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Nanaimo toddler's burn story raises awareness of Burn Fund $1M goal

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Weeks shy of his fourth birthday, Jules Walker Renney pulled up a chair to help his mother in the kitchen, teetered, lost his balance and grabbed a pot of scalding chicken soup.

“It happened so fast I couldn’t even get the words out to tell him to stop,” said mother Kate Walker of Nanaimo.

The scorching liquid poured over Jules’ head and torso, causing fourth-degree burns to 21 per cent of his little body. Anything over 10 per cent for a child is deemed critical to life-threatening.

He lay in silence, in shock. She was in shock, too. “It was just a suspension of reality,” said Walker. “I dissociated from the moment initially, which is a classic trauma response.”

Walker who lives in Nanaimo with husband Trev Renney and the couple’s older son, Marlow, are sharing the story of what happened March 19, 2019, to raise awareness of the B.C. Professional Fire Fighters’ Burn Fund, which has pledged to raise $1 million for the B.C. Children’s Hospital Foundation for a planned upgrade to the hospital’s burn-care suite.

Marlow, just six at the time, had been watching cartoons in the living room and recalls his mother carrying his brother out of a “cloud of steam.” Walker sustained second-degree burns from putting her hands under her son’s clothing to hold the fabric away from his “melting skin.”

Walker put her son under a cold shower, asking Marlow to take over so she could search for her cellphone.

Luckily, the family was then living on Prior Street in Vancouver, steps from No. 1 firehall, and paramedics happened to be in the area. Paramedics and firefighters poured bottle after bottle of sterile water over Jules to prevent the infection that can come with deep burns. “They were just smothering him in sterile water to the point that Jules said: ‘I can’t breathe’ and he started to shiver,” she said.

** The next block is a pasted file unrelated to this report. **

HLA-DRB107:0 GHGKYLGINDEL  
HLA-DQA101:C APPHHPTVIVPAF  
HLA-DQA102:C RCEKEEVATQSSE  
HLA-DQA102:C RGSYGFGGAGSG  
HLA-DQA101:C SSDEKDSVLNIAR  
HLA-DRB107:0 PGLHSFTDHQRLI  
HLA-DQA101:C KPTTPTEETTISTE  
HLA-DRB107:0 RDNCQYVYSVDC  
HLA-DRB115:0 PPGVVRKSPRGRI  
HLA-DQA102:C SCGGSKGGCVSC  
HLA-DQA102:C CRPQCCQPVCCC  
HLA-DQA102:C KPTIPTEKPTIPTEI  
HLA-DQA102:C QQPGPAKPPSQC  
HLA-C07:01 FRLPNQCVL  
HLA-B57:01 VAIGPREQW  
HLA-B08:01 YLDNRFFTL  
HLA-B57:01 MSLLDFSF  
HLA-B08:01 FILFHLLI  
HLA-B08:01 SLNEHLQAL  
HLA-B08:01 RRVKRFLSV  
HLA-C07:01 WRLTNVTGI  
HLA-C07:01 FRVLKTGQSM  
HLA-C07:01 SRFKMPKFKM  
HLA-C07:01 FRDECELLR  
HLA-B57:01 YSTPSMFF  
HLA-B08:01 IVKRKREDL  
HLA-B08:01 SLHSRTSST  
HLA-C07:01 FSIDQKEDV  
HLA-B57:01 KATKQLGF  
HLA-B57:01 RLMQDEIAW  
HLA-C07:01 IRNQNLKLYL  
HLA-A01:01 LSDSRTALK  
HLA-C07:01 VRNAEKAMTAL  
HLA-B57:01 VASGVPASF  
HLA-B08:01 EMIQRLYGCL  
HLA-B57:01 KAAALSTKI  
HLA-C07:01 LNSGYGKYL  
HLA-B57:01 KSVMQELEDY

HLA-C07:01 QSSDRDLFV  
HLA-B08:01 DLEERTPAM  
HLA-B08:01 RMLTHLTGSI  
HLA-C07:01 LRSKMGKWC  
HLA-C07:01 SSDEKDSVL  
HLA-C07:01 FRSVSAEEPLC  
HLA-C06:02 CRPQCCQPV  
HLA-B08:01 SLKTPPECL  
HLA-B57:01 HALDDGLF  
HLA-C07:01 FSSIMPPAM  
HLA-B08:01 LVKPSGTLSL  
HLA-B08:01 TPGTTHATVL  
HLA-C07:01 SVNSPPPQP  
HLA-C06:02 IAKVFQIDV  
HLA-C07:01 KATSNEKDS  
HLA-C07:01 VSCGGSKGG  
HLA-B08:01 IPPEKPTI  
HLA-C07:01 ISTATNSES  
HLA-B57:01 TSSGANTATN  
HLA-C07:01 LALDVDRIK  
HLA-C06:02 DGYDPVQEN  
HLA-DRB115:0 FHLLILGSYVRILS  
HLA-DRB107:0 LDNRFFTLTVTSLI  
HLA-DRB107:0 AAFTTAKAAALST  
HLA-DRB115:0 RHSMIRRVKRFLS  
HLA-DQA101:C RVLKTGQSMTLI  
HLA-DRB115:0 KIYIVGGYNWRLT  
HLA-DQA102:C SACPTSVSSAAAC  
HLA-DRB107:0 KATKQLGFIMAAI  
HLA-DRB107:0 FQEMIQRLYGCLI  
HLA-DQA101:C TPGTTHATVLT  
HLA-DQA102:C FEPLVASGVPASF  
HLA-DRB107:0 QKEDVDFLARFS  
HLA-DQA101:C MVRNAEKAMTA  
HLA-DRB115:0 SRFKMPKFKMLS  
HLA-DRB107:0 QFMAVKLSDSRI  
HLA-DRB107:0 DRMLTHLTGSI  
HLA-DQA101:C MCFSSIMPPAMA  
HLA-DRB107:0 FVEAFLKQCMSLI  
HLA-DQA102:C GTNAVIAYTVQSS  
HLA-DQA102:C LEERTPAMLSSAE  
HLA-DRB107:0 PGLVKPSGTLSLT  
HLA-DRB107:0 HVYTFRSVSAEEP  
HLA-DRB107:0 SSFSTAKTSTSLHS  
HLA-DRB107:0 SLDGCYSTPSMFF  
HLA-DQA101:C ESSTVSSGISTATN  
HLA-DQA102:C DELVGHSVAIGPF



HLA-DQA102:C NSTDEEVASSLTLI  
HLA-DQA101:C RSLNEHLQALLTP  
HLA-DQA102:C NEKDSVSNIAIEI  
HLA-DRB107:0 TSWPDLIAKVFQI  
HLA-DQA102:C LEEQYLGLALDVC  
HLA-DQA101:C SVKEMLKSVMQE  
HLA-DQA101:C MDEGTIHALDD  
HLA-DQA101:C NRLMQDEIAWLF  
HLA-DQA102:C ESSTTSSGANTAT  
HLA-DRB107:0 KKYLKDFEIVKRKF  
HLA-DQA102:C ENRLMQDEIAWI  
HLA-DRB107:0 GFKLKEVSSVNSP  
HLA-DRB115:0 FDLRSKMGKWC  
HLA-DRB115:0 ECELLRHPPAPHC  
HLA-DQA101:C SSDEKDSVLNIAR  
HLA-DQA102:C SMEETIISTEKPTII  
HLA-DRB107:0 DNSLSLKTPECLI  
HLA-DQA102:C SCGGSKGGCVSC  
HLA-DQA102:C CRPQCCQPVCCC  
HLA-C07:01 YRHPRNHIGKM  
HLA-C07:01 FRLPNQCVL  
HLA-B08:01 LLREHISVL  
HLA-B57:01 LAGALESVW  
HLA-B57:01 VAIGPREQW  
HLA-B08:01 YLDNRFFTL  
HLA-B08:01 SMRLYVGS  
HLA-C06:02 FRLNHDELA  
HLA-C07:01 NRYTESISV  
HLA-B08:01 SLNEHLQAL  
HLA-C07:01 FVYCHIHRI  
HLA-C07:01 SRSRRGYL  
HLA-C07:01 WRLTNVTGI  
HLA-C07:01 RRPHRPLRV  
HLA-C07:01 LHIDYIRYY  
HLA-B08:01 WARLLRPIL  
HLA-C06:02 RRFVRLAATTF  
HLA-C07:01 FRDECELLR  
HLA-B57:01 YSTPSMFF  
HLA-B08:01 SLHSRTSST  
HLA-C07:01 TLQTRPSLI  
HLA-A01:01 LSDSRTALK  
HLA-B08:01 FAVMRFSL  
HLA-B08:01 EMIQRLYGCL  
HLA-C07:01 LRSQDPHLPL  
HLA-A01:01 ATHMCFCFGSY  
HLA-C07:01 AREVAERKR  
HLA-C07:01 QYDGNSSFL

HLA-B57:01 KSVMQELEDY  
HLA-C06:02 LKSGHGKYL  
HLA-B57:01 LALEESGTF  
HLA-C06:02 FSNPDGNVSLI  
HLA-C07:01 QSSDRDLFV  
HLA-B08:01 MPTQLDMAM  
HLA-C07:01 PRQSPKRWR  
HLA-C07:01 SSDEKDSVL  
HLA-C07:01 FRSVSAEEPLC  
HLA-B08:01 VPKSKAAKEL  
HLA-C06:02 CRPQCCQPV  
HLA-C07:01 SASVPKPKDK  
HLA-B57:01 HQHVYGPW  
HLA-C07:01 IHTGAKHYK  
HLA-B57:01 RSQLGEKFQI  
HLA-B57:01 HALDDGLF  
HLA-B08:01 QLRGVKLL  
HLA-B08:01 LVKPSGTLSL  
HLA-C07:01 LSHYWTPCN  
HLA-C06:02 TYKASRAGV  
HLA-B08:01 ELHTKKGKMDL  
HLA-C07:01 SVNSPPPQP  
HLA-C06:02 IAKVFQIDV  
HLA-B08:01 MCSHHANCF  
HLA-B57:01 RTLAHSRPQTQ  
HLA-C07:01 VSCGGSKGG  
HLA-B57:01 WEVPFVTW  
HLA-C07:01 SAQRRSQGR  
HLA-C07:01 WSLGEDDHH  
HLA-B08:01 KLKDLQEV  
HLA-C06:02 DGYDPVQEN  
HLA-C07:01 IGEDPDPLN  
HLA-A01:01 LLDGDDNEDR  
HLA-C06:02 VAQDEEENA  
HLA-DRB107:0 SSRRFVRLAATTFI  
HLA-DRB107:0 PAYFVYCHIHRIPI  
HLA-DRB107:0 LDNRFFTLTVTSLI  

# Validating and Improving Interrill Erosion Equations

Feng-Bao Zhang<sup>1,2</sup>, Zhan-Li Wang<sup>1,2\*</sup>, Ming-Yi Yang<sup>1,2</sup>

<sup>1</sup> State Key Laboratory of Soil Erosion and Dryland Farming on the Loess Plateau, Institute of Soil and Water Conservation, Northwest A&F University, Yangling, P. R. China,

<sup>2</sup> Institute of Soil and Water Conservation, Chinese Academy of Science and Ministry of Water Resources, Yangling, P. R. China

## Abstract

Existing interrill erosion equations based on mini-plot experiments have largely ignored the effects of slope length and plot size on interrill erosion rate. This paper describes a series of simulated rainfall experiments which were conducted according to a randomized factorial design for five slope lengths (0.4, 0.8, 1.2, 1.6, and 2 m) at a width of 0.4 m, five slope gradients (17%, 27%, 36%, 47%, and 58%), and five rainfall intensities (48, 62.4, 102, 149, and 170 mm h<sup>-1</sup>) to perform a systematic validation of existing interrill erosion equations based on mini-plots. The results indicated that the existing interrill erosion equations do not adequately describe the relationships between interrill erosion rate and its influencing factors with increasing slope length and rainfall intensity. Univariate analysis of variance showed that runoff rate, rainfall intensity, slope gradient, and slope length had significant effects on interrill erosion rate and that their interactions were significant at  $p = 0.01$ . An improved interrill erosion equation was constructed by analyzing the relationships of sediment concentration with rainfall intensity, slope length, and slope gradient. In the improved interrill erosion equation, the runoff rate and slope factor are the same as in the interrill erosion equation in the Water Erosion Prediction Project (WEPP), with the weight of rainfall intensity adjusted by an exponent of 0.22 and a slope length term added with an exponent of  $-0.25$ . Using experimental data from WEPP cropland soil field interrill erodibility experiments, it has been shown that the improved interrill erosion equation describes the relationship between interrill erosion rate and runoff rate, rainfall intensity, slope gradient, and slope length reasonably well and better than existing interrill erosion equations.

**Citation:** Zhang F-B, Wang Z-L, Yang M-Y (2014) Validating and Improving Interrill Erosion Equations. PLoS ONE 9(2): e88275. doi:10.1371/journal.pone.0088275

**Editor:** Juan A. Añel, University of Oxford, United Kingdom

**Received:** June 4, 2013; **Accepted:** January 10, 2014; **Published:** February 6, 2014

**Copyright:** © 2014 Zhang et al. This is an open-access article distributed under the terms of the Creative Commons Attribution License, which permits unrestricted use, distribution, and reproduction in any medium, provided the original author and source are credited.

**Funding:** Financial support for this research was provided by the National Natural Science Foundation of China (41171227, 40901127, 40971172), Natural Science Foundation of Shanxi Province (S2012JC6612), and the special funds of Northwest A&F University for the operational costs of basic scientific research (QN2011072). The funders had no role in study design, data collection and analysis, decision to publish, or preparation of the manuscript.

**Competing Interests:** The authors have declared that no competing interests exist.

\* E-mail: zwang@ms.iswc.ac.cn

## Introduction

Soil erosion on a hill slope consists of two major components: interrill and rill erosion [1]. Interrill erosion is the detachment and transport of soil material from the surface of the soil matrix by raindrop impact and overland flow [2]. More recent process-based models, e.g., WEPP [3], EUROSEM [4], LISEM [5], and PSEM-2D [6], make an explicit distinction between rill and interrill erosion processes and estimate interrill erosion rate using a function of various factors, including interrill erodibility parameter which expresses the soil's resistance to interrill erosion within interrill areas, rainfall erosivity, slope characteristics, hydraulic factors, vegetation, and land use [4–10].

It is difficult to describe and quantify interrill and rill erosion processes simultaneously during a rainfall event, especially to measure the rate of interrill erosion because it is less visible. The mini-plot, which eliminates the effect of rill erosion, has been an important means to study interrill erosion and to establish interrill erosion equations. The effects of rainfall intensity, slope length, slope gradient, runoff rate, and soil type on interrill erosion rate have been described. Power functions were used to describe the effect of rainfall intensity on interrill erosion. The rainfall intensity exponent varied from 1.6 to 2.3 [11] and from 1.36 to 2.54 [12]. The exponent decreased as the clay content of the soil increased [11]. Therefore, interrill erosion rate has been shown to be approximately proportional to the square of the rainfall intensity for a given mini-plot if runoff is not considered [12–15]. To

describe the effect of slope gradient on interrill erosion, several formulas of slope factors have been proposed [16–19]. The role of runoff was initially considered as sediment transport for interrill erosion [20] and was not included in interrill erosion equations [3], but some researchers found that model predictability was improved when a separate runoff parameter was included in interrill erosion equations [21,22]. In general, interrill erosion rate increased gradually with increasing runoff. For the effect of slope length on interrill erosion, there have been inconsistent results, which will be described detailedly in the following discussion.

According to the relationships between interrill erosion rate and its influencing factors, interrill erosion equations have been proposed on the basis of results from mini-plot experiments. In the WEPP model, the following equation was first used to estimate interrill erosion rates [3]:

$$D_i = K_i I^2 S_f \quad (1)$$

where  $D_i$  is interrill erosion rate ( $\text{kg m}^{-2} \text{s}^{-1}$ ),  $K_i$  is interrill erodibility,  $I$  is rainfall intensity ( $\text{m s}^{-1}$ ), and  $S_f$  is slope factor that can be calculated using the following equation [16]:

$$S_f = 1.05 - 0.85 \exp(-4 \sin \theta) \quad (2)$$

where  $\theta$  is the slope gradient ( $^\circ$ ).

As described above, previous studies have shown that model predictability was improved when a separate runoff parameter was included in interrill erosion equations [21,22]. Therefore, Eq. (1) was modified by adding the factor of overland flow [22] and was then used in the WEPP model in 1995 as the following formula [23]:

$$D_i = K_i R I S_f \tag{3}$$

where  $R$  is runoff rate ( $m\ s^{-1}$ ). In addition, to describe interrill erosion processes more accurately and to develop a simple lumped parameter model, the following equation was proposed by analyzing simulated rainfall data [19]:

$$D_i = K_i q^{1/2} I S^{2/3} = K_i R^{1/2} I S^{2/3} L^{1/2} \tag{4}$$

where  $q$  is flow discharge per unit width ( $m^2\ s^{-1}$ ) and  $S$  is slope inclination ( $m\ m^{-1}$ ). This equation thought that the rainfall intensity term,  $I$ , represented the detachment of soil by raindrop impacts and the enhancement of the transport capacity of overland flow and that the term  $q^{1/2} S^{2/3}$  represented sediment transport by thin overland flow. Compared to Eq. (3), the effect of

Walker jumped in the ambulance, where Jules was given pain medication. A firefighter and neighbour stayed to console Marlow, who was crying in his bedroom.

In hospital, Jules had at least two brushes with death and a mind-boggling amount of care, said Walker. “At one point, we had seven infectious-disease specialists in the room putting their heads together about what concoction of antibiotics to give him,” she said. Both burned areas of skin and newly grafted skin became infected.

It wasn’t until about six months later that a burn-unit nurse conveyed how close Jules had come to death.

“He absolutely fought for his life in those first few days, as all of his organs were at risk of going into failure,” said Walker. “He’s such a loving resilient kid and he just so wants to be here.”

Jules, now 7, has had 10 surgeries “and counting.”

Each year, B.C. Children’s Hospital sees more than 900 kids for new burn injuries and follow-up treatment. (Royal Jubilee Hospital has a burn unit, but depending on the severity of those burns, children may be sent to B.C. Children’s.)

The Burn Fund has already raised $275,000 towards the $1-million goal for the planned renovation of the burn-care suite, as well as help for a multi-disciplinary team that includes injury and illness specialists, music therapists, physiotherapists and social workers.

Umesh Lal, a Nanaimo firefighter and a director of the B.C. Professional Fire Fighters’ Burn Fund, which includes 53 career fire departments and 4,300 members, said firefighters don’t want to stop at extinguishing fires — they know the scars will be with victims and their families for life. “We want to connect with them throughout this journey for the rest of their lives,” Lal said.

Upon discharge from hospital, the Walker Renney family has used the Burn Fund’s referral program for all manner of supports.

Once home from hospital the burn patient might need “burn baths,” multiple wound dressing changes, burn massages, medications and creams.

“Home is the best place to heal as soon as it’s safe to do so, but once home, you’re not out of the woods,” said Walker. “The burn fund is critical in the wrap-around services it provides after discharge.”

At home, parents become full-time caregivers and that highly specialized “around-the-clock” care be overwhelming, she said.

“It’s huge — suddenly you don’t have support and that’s where the Burn Fund comes in and catches you at the moment you reach out,” said Walker. “It’s just absolutely vital.”

B.C. Children’s Hospital was also vital, she said, providing unparalleled care and compassion.

There were even days the doctors, nurses and other health-care workers made the experience “magical and fun” for the kids, she said.

Jules today has scarring on about 35 per cent of his body. As he grows, some of his scarred skin will require more grafts and reconstruction.

“He’s just a little force and I really think it’s that force is what got him through — he never gave up on himself and he never gave up on life,” Walker said.

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